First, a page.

A Wild Ride Through the Night

A Wild Ride Through the Night by popular German author Walter Moers (The 13-1/2 Lives of Captain Bluebear) could also be called a fantastic voyage through the author's imagination as he delivers a fairy tale starring 12-year-old Gustave Doré, who would grow up to become arguably the greatest illustrator of all time. The novel opens with Gustave at sea, steering his ship Aventure through a storm involving the dreaded "Siamese Twin Tornado." Minutes later, Death shows up on deck and gives the boy six Herculean tasks in order to save his soul. The allegorical odyssey finds the boy pulling a tooth from the Most Monstrous of All Monsters, slaying a dragon, and flying to Death's house on the moon. Reading this fable is like being immersed in one of Doré's illustrations full of writhing serpents, beaked gnomes, hunchbacked frogs, and other misshapen creatures. In fact, the book is peppered with 21 of Doré's woodcuts, which amplify the aura of dread and wonder. Gustave is leaving his childhood behind, and so his journey is dark and fantastic, full of dragons, talking jellyfish, and naked damsels in distress. As a forest witch tells him, "The dream-world is an unpredictable place?. A jungle composed of time, space and providence, of hindsight and foresight, of fears and desires, all jumbled up together." In other words, adulthood. Like the equally lovely and absurd Alice in Wonderland, A Wild Ride Through the Night captures that rough, scary transition we all go through on the downhill slide toward death by way of puberty.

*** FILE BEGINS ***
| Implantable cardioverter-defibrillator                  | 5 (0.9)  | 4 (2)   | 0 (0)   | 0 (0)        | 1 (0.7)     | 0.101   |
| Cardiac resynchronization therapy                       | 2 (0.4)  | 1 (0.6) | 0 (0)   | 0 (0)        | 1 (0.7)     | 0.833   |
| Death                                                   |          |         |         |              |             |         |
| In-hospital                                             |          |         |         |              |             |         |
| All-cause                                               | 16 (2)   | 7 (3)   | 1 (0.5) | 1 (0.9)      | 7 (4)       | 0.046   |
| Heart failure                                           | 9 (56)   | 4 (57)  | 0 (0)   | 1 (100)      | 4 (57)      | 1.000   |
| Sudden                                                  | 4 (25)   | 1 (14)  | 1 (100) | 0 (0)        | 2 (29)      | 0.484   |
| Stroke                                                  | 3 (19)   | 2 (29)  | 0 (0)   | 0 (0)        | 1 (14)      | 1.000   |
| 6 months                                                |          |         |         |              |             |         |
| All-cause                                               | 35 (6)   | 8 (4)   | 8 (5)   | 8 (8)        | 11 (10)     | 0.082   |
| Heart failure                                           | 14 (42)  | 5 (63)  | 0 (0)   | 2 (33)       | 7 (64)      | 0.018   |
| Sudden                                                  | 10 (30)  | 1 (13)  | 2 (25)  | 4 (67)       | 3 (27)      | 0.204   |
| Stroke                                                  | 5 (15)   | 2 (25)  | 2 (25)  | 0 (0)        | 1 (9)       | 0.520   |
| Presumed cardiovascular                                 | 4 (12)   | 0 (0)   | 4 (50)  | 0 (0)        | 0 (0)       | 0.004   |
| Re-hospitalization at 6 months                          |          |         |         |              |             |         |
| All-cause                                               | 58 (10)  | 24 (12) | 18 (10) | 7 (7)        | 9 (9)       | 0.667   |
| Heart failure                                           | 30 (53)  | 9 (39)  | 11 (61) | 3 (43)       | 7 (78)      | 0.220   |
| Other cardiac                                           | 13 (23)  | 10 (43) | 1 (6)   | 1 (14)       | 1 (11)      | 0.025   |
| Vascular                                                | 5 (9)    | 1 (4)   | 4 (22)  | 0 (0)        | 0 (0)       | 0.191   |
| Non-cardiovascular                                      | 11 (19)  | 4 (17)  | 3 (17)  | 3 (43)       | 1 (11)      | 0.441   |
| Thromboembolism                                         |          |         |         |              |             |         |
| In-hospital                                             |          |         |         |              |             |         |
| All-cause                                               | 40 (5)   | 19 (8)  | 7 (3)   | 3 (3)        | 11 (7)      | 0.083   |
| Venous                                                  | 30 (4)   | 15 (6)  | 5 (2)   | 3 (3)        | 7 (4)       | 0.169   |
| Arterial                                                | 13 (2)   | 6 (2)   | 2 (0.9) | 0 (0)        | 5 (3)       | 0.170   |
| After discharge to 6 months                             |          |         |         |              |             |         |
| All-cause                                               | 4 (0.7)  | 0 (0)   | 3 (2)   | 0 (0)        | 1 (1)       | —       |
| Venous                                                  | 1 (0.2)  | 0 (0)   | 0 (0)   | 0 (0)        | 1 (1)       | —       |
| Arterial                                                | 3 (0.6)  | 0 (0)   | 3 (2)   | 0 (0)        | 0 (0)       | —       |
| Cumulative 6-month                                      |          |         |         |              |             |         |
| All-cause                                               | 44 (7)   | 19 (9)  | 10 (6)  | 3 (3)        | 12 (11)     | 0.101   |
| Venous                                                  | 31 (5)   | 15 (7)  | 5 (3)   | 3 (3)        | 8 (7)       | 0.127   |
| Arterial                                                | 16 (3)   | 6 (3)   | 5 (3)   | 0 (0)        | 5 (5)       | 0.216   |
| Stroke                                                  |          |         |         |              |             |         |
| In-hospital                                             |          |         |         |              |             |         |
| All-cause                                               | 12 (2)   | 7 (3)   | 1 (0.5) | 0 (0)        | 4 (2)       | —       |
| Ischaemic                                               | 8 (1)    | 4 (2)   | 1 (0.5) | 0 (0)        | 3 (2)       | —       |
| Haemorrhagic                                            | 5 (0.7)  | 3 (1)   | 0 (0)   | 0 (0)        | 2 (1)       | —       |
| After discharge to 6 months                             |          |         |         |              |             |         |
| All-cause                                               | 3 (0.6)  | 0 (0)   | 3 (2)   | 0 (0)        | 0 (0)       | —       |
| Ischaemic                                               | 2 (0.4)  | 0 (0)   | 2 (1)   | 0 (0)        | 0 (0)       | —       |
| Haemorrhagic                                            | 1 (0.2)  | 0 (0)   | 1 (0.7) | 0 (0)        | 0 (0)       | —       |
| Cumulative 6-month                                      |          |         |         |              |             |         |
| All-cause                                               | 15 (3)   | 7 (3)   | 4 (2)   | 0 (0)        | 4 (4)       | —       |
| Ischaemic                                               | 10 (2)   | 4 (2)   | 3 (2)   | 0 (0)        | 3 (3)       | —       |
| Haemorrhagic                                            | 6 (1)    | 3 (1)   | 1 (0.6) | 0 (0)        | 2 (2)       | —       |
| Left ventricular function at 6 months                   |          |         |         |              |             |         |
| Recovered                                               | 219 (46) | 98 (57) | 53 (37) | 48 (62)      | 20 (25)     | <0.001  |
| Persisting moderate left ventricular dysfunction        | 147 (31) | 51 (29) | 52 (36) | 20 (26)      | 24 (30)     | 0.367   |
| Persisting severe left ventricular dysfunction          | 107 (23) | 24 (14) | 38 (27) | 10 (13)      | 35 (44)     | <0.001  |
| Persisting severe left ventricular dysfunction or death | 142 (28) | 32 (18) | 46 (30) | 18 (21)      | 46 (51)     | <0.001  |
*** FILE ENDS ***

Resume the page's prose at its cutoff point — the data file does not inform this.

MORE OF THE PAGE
April 19: "What you see first, after the starting gun's crack, is a column of bobbing runners, thousands of them, surging downhill..."

Donna Tartt's The Goldfinch is the winner of the 2014 Pulitzer Prize for Fiction. James Parker calls this Dickensian coming-of-age novel "an enveloping…

advertisement
Books, CDs, DVDs to know about now
Poems That Make Grown Men Cry

And women too.  Luminaries from Colin Firth to Nick Cave and Jonathan Franzen chose the poems that bring them to tears, and the result is a stunning collection of poignant verse from writers like Auden, Whitman, Bishop, Larkin, Neruda and many others.  Warning: choking-up hazard.

The King of Pain

Trapped beneath his entertainment system, reality TV mastermind Rick Salter reflects on his life and tries to piece together the events of the previous evening. Seth Kaufman’s romp is an outrageous meditation on pain and entertainment in a deranged world in which the two are often interchangeable.

The Good Inn

Frank Black, frontman for the Pixies, has written a transgressive historical fiction with shades of Thomas Pynchon (focused as it is on the history of explosives and cinematic pornography), all set in a hallucinatory Edwardian Europe.